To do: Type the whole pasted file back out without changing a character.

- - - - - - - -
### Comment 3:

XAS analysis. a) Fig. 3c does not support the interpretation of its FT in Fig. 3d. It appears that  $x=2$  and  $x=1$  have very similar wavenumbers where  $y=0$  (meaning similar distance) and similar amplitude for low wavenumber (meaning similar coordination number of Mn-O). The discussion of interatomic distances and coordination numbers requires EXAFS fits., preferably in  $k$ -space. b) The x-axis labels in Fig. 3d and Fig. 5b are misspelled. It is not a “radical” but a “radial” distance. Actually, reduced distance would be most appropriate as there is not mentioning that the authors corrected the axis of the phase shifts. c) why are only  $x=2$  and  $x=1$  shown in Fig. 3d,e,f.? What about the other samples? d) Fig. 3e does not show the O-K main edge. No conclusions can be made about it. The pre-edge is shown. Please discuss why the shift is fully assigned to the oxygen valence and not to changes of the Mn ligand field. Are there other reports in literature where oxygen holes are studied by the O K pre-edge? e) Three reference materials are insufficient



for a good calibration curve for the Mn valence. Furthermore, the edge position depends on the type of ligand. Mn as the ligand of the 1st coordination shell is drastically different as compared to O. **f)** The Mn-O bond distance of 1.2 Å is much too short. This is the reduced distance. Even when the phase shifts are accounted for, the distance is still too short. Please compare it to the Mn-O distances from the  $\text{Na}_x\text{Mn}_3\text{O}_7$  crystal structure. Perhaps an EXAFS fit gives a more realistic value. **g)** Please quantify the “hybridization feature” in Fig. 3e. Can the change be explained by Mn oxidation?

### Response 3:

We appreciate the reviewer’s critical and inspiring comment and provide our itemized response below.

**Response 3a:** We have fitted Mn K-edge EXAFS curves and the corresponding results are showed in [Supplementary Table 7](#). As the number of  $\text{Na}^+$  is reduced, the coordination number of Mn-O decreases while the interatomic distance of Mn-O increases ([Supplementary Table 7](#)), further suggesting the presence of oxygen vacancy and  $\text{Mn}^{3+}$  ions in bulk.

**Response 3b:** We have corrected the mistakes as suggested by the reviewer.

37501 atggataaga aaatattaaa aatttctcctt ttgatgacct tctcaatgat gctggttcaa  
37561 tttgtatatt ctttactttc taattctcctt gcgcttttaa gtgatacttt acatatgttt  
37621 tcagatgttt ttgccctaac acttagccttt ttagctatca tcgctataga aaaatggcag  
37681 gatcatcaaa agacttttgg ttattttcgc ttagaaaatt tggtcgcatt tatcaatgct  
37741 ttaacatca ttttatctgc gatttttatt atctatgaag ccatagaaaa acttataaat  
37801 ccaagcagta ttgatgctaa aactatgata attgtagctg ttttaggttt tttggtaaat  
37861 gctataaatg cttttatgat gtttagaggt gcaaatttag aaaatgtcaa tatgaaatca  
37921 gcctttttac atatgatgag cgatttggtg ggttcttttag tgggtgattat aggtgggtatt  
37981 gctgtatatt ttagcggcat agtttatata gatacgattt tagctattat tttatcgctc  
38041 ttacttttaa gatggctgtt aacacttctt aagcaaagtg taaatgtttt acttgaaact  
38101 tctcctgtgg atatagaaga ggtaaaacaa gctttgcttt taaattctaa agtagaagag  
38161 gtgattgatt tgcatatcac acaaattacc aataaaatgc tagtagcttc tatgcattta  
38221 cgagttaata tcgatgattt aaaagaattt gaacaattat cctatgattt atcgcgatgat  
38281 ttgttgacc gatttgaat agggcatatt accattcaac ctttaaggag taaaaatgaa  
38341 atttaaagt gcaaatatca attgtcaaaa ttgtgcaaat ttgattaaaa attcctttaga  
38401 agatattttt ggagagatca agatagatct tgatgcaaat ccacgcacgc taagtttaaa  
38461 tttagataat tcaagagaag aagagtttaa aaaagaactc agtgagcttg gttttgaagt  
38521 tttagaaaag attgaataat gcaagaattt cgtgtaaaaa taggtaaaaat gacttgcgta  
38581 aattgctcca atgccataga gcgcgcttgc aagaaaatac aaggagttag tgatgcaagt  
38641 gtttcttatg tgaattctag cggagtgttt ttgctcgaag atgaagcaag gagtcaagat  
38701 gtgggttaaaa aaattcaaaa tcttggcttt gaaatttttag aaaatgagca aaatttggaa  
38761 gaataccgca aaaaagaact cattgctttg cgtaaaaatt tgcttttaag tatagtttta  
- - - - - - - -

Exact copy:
### Comment 3:

XAS analysis. a) Fig. 3c does not support the interpretation of its FT in Fig. 3d. It appears that  $x=2$  and  $x=1$  have very similar wavenumbers where  $y=0$  (meaning similar distance) and similar amplitude for low wavenumber (meaning similar coordination number of Mn-O). The discussion of interatomic distances and coordination numbers requires EXAFS fits., preferably in  $k$ -space. b) The x-axis labels in Fig. 3d and Fig. 5b are misspelled. It is not a “radical” but a “radial” distance. Actually, reduced distance would be most appropriate as there is not mentioning that the authors corrected the axis of the phase shifts. c) why are only  $x=2$  and  $x=1$  shown in Fig. 3d,e,f.? What about the other samples? d) Fig. 3e does not show the O-K main edge. No conclusions can be made about it. The pre-edge is shown. Please discuss why the shift is fully assigned to the oxygen valence and not to changes of the Mn ligand field. Are there other reports in literature where oxygen holes are studied by the O K pre-edge? e) Three reference materials are insufficient



for a good calibration curve for the Mn valence. Furthermore, the edge position depends on the type of ligand. Mn as the ligand of the 1st coordination shell is drastically different as compared to O. **f)** The Mn-O bond distance of 1.2 Å is much too short. This is the reduced distance. Even when the phase shifts are accounted for, the distance is still too short. Please compare it to the Mn-O distances from the  $\text{Na}_x\text{Mn}_3\text{O}_7$  crystal structure. Perhaps an EXAFS fit gives a more realistic value. **g)** Please quantify the “hybridization feature” in Fig. 3e. Can the change be explained by Mn oxidation?

### Response 3:

We appreciate the reviewer’s critical and inspiring comment and provide our itemized response below.

**Response 3a:** We have fitted Mn K-edge EXAFS curves and the corresponding results are showed in [Supplementary Table 7](#). As the number of  $\text{Na}^+$  is reduced, the coordination number of Mn-O decreases while the interatomic distance of Mn-O increases ([Supplementary Table 7](#)), further suggesting the presence of oxygen vacancy and  $\text{Mn}^{3+}$  ions in bulk.

**Response 3b:** We have corrected the mistakes as suggested by the reviewer.

37501 atggataaga aaatattaaa aatttctcctt ttgatgacct tctcaatgat gctggttcaa  
37561 tttgtatatt ctttactttc taattctcctt gcgcttttaa gtgatacttt acatatgttt  
37621 tcagatgttt ttgccctaac acttagccttt ttagctatca tcgctataga aaaatggcag  
37681 gatcatcaaa agacttttgg ttattttcgc ttagaaaatt tggtcgcatt tatcaatgct  
37741 ttaacatca ttttatctgc gatttttatt atctatgaag ccatagaaaa acttataaat  
37801 ccaagcagta ttgatgctaa aactatgata attgtagctg ttttaggttt tttggtaaat  
37861 gctataaatg cttttatgat gtttagaggt gcaaatttag aaaatgtcaa tatgaaatca  
37921 gcctttttac atatgatgag cgatttggtg ggttcttttag tgggtgattat aggtgggtatt  
37981 gctgtatatt ttagcggcat agtttatata gatacgattt tagctattat tttatcgctc  
38041 ttacttttaa gatggctgtt aacacttctt aagcaaagtg taaatgtttt acttgaaact  
38101 tctcctgtgg atatagaaga ggtaaaacaa gctttgcttt taaattctaa agtagaagag  
38161 gtgattgatt tgcatatcac acaaattacc aataaaatgc tagtagcttc tatgcattta  
38221 cgagttaata tcgatgattt aaaagaattt gaacaattat cctatgattt atcgcgatgat  
38281 ttgttgacc gatttgaat agggcatatt accattcaac ctttaaggag taaaaatgaa  
38341 atttaaagt gcaaatatca attgtcaaaa ttgtgcaaat ttgattaaaa attcctttaga  
38401 agatattttt ggagagatca agatagatct tgatgcaaat ccacgcacgc taagtttaaa  
38461 tttagataat tcaagagaag aagagtttaa aaaagaactc agtgagcttg gttttgaagt  
38521 tttagaaaag attgaataat gcaagaattt cgtgtaaaaa taggtaaaaat gacttgcgta  
38581 aattgctcca atgccataga gcgcgcttgc aagaaaatac aaggagttag tgatgcaagt  
38641 gtttcttatg tgaattctag cggagtgttt ttgctcgaag atgaagcaag gagtcaagat  
38701 gtgggttaaaa aaattcaaaa tcttggcttt gaaatttttag aaaatgagca aaatttggaa  
38761 gaataccgca aaaaagaact cattgctttg cgtaaaaatt tgcttttaag tatagtttta  